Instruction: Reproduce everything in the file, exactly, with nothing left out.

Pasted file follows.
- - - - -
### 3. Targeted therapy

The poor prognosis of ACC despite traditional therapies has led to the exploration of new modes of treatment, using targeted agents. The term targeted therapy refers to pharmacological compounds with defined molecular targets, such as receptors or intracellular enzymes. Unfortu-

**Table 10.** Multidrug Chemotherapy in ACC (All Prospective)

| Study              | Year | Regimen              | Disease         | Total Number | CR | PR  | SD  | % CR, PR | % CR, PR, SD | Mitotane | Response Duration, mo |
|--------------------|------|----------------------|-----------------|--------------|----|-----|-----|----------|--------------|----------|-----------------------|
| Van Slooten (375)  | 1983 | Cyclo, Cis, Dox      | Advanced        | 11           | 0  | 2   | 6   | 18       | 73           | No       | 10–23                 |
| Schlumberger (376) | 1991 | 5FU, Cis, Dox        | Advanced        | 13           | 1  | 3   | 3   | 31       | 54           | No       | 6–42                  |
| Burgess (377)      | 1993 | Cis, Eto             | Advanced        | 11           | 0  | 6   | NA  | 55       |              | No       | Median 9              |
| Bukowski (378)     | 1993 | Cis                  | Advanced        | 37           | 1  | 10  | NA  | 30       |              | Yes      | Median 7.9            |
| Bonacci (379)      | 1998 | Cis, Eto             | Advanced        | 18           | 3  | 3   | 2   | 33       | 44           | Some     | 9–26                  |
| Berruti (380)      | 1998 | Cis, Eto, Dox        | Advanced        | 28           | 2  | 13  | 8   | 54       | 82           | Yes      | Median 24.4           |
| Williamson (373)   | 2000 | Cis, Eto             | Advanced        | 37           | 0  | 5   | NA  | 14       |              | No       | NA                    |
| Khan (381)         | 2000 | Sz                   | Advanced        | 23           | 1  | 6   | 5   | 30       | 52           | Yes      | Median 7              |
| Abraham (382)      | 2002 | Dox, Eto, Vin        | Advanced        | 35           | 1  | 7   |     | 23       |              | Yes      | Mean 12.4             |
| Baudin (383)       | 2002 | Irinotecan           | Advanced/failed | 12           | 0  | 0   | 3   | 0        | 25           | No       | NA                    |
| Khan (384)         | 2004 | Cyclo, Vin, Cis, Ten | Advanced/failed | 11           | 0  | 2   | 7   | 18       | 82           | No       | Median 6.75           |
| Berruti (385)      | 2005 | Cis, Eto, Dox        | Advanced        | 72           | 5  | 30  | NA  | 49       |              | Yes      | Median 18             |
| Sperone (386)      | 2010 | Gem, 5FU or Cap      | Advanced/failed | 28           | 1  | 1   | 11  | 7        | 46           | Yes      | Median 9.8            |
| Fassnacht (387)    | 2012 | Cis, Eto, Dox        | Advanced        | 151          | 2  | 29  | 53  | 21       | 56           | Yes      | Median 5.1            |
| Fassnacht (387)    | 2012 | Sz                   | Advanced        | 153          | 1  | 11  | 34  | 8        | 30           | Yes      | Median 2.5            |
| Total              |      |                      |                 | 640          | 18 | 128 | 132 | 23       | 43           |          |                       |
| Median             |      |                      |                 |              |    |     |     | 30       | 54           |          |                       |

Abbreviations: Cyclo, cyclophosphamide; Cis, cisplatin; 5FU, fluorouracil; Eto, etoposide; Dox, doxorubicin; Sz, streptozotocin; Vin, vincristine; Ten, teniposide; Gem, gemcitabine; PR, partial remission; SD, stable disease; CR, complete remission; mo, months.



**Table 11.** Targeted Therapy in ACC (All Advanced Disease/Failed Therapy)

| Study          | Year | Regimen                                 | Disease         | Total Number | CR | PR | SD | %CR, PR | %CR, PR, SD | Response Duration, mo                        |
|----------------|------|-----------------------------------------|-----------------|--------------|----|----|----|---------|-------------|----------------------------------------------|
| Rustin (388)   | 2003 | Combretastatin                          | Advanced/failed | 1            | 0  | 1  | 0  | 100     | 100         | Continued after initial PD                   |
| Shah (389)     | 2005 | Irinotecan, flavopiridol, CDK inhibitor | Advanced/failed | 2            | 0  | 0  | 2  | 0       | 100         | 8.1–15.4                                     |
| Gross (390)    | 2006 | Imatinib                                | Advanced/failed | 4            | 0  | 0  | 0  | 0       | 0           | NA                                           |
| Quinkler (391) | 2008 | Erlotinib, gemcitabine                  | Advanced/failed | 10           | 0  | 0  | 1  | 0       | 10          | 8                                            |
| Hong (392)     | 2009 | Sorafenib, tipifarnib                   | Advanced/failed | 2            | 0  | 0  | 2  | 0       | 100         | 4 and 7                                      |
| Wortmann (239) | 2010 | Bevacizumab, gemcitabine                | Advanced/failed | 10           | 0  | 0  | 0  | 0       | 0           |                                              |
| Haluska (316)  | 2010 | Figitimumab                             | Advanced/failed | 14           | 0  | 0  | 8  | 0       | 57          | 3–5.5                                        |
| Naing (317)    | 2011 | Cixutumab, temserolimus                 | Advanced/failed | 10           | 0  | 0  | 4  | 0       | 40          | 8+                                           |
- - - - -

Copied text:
### 3. Targeted therapy

The poor prognosis of ACC despite traditional therapies has led to the exploration of new modes of treatment, using targeted agents. The term targeted therapy refers to pharmacological compounds with defined molecular targets, such as receptors or intracellular enzymes. Unfortu-

**Table 10.** Multidrug Chemotherapy in ACC (All Prospective)

| Study              | Year | Regimen              | Disease         | Total Number | CR | PR  | SD  | % CR, PR | % CR, PR, SD | Mitotane | Response Duration, mo |
|--------------------|------|----------------------|-----------------|--------------|----|-----|-----|----------|--------------|----------|-----------------------|
| Van Slooten (375)  | 1983 | Cyclo, Cis, Dox      | Advanced        | 11           | 0  | 2   | 6   | 18       | 73           | No       | 10–23                 |
| Schlumberger (376) | 1991 | 5FU, Cis, Dox        | Advanced        | 13           | 1  | 3   | 3   | 31       | 54           | No       | 6–42                  |
| Burgess (377)      | 1993 | Cis, Eto             | Advanced        | 11           | 0  | 6   | NA  | 55       |              | No       | Median 9              |
| Bukowski (378)     | 1993 | Cis                  | Advanced        | 37           | 1  | 10  | NA  | 30       |              | Yes      | Median 7.9            |
| Bonacci (379)      | 1998 | Cis, Eto             | Advanced        | 18           | 3  | 3   | 2   | 33       | 44           | Some     | 9–26                  |
| Berruti (380)      | 1998 | Cis, Eto, Dox        | Advanced        | 28           | 2  | 13  | 8   | 54       | 82           | Yes      | Median 24.4           |
| Williamson (373)   | 2000 | Cis, Eto             | Advanced        | 37           | 0  | 5   | NA  | 14       |              | No       | NA                    |
| Khan (381)         | 2000 | Sz                   | Advanced        | 23           | 1  | 6   | 5   | 30       | 52           | Yes      | Median 7              |
| Abraham (382)      | 2002 | Dox, Eto, Vin        | Advanced        | 35           | 1  | 7   |     | 23       |              | Yes      | Mean 12.4             |
| Baudin (383)       | 2002 | Irinotecan           | Advanced/failed | 12           | 0  | 0   | 3   | 0        | 25           | No       | NA                    |
| Khan (384)         | 2004 | Cyclo, Vin, Cis, Ten | Advanced/failed | 11           | 0  | 2   | 7   | 18       | 82           | No       | Median 6.75           |
| Berruti (385)      | 2005 | Cis, Eto, Dox        | Advanced        | 72           | 5  | 30  | NA  | 49       |              | Yes      | Median 18             |
| Sperone (386)      | 2010 | Gem, 5FU or Cap      | Advanced/failed | 28           | 1  | 1   | 11  | 7        | 46           | Yes      | Median 9.8            |
| Fassnacht (387)    | 2012 | Cis, Eto, Dox        | Advanced        | 151          | 2  | 29  | 53  | 21       | 56           | Yes      | Median 5.1            |
| Fassnacht (387)    | 2012 | Sz                   | Advanced        | 153          | 1  | 11  | 34  | 8        | 30           | Yes      | Median 2.5            |
| Total              |      |                      |                 | 640          | 18 | 128 | 132 | 23       | 43           |          |                       |
| Median             |      |                      |                 |              |    |     |     | 30       | 54           |          |                       |

Abbreviations: Cyclo, cyclophosphamide; Cis, cisplatin; 5FU, fluorouracil; Eto, etoposide; Dox, doxorubicin; Sz, streptozotocin; Vin, vincristine; Ten, teniposide; Gem, gemcitabine; PR, partial remission; SD, stable disease; CR, complete remission; mo, months.



**Table 11.** Targeted Therapy in ACC (All Advanced Disease/Failed Therapy)

| Study          | Year | Regimen                                 | Disease         | Total Number | CR | PR | SD | %CR, PR | %CR, PR, SD | Response Duration, mo                        |
|----------------|------|-----------------------------------------|-----------------|--------------|----|----|----|---------|-------------|----------------------------------------------|
| Rustin (388)   | 2003 | Combretastatin                          | Advanced/failed | 1            | 0  | 1  | 0  | 100     | 100         | Continued after initial PD                   |
| Shah (389)     | 2005 | Irinotecan, flavopiridol, CDK inhibitor | Advanced/failed | 2            | 0  | 0  | 2  | 0       | 100         | 8.1–15.4                                     |
| Gross (390)    | 2006 | Imatinib                                | Advanced/failed | 4            | 0  | 0  | 0  | 0       | 0           | NA                                           |
| Quinkler (391) | 2008 | Erlotinib, gemcitabine                  | Advanced/failed | 10           | 0  | 0  | 1  | 0       | 10          | 8                                            |
| Hong (392)     | 2009 | Sorafenib, tipifarnib                   | Advanced/failed | 2            | 0  | 0  | 2  | 0       | 100         | 4 and 7                                      |
| Wortmann (239) | 2010 | Bevacizumab, gemcitabine                | Advanced/failed | 10           | 0  | 0  | 0  | 0       | 0           |                                              |
| Haluska (316)  | 2010 | Figitimumab                             | Advanced/failed | 14           | 0  | 0  | 8  | 0       | 57          | 3–5.5                                        |
| Naing (317)    | 2011 | Cixutumab, temserolimus                 | Advanced/failed | 10           | 0  | 0  | 4  | 0       | 40          | 8+                                           |